Yoma, Chapter One, Mishnah Eight



This mishnah teaches that on Yom Kippur Temple work which was usually left for the beginning of the day was moved up and done in the night so that the day would be free to do other things.


Mishnah Eight

1)      Every day they would remove [the ashes from] the altar at the cock’s crow or close to that time, either before or after.

2)      But on Yom HaKippurim from midnight, and on the festivals at the [end of the] first watch;

3)      And the cock’s crow would not arrive before the Temple court was full of Israelites.



Section one:  On most days they would remove the old ashes from the altar at the time when the rooster crows, which is at the time when it begins to get light outside, before sunrise.  The removal of the ashes is referred to in Leviticus 6:3 and in tractate Tamid, which is in Seder Kodashim (hopefully we will learn this, but not for a few more years). I should note that in the Talmud there is a debate over the meaning of the phrase that I have translated as “the cock’s crow”.  Some interpret this to mean an announcement made by a man, who said, “Priests get up for your word.”  In Hebrew the word for “cock” and the word for “man” is the same.  I will not comment on this.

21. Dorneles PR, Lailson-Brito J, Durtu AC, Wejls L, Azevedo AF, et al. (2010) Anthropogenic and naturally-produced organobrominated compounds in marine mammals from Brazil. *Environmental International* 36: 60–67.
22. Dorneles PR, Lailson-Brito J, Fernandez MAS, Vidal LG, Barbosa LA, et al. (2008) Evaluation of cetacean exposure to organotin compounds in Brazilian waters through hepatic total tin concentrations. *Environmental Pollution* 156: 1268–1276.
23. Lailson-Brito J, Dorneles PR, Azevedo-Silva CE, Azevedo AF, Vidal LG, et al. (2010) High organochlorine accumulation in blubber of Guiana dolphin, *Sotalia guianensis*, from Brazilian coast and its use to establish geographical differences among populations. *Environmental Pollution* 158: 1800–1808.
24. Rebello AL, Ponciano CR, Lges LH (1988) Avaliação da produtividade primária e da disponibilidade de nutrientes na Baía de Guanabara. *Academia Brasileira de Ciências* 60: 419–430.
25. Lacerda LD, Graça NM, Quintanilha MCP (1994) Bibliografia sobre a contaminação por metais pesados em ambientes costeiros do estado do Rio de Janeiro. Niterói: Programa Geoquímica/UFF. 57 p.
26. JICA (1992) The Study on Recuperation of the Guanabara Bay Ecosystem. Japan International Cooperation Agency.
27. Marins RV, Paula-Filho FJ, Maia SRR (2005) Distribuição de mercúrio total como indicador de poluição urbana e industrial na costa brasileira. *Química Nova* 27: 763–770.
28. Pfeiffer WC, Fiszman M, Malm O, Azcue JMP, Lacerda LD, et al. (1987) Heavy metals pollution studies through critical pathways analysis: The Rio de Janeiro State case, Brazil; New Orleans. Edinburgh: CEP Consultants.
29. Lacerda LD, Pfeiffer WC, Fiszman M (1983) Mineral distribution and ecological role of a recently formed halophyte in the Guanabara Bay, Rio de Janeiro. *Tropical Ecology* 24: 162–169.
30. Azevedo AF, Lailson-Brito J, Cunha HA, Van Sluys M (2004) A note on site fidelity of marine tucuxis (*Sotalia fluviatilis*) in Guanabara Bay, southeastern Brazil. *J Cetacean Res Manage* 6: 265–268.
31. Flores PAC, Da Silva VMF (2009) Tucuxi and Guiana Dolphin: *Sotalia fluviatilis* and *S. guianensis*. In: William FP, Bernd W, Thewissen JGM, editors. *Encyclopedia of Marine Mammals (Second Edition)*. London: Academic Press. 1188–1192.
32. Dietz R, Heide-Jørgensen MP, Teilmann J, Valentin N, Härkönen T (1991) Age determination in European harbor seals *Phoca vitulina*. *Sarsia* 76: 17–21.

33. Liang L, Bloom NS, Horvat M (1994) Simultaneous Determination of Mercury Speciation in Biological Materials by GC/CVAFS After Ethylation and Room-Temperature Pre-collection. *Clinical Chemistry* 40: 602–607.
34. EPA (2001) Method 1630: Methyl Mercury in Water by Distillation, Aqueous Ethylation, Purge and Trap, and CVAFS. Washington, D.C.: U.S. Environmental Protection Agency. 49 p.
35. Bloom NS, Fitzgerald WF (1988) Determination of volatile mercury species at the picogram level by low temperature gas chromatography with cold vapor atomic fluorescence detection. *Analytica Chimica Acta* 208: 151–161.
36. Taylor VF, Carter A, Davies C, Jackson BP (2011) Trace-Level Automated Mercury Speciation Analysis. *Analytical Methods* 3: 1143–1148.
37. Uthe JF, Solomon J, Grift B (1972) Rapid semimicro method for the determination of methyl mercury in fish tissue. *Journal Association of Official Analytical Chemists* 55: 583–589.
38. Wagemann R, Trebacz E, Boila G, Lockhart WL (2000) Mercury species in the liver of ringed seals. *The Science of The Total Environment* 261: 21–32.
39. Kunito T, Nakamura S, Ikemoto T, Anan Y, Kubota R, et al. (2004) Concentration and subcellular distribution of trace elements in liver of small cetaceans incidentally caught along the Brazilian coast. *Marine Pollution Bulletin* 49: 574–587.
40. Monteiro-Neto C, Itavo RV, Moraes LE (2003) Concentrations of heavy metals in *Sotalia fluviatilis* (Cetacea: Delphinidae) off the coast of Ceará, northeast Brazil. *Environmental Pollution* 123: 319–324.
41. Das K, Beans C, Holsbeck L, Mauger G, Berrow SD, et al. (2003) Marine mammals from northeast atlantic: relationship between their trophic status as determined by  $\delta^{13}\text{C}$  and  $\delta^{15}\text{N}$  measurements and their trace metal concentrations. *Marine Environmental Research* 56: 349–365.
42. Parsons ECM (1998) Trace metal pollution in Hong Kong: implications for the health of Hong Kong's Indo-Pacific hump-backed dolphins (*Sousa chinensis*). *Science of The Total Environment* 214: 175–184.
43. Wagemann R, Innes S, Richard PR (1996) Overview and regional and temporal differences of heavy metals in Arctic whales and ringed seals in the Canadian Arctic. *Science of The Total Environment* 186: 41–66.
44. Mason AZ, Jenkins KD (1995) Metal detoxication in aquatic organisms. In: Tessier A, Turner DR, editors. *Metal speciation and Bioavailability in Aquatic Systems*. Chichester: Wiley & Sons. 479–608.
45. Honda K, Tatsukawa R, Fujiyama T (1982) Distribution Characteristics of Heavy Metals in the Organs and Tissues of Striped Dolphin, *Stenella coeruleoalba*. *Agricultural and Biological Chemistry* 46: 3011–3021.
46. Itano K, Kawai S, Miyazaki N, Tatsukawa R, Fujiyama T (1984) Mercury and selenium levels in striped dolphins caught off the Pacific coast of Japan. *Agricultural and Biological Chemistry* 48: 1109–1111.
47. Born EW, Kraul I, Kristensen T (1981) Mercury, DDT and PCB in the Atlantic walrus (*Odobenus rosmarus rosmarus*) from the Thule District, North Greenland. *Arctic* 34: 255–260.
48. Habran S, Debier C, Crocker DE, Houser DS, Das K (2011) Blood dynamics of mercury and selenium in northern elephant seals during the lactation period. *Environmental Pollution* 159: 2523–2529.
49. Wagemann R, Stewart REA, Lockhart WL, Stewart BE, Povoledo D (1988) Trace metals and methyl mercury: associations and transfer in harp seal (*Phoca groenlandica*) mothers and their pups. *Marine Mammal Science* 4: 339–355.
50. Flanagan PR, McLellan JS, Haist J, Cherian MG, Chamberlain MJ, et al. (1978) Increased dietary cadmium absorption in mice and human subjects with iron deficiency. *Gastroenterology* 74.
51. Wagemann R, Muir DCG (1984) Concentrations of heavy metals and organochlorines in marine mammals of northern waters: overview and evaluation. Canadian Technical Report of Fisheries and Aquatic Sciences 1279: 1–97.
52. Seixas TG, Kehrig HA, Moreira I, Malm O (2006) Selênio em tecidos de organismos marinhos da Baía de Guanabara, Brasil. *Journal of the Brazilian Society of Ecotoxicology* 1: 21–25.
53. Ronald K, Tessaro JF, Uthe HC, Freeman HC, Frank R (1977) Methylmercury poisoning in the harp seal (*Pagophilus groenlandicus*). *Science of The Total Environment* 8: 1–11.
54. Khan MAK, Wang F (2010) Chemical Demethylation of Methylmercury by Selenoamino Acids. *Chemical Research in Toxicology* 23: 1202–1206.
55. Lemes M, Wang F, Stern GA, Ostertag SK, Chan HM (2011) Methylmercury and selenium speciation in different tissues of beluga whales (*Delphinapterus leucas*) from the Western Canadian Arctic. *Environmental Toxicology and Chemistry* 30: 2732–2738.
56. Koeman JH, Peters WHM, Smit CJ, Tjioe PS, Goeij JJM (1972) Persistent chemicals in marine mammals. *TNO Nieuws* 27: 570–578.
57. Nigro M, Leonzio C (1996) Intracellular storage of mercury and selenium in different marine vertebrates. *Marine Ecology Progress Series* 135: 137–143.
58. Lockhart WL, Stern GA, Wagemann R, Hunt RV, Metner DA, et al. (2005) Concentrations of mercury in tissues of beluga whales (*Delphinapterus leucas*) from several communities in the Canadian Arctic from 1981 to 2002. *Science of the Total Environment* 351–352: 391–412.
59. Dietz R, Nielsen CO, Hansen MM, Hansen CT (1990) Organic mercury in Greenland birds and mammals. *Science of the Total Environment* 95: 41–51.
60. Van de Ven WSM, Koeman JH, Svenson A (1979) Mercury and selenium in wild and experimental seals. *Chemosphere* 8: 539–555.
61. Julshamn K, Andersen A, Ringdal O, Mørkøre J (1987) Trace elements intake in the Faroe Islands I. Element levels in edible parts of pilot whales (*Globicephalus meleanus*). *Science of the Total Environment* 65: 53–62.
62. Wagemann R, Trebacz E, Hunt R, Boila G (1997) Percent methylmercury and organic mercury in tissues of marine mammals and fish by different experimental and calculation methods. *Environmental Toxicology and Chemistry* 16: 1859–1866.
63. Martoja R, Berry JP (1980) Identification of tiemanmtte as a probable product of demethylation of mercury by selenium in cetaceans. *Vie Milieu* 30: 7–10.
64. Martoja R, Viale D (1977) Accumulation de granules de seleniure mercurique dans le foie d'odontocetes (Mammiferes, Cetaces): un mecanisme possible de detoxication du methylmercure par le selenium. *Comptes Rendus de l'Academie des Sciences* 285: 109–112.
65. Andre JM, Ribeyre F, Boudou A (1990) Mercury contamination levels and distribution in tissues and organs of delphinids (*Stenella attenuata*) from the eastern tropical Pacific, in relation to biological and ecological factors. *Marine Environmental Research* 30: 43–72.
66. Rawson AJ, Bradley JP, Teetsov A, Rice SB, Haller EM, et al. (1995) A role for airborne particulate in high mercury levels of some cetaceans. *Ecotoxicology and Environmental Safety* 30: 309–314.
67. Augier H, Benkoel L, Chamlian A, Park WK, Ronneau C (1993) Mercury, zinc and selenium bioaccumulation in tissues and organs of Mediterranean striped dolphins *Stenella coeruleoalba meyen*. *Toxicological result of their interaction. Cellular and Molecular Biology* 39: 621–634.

Section two:   However, on Yom Kippur they began to clean out the old ashes at midnight, hours before it got light outside.  The Talmud explains that this was because the high priest himself would clean out the ashes and they wanted to give him some time between this work and the rest of the day’s work.  Others explain that they did the cleaning of the ashes early so that they wouldn’t have to delay beginning the real work of the day which would come later.

On festivals they cleaned out the ashes even earlier, at the end of the first watch, which means one-third into the night.  On festivals there are a lot of sacrifices and therefore there a lot of ashes, so that had to start cleaning out early.

Section three:  Finally, on Yom Kippur and on festivals the Temple’s courtyard would be full of Israelites already by the time the cock crowed, meaning before sunrise.  People were so enthusiastic for the day’s service that they would get there even before the sunrise.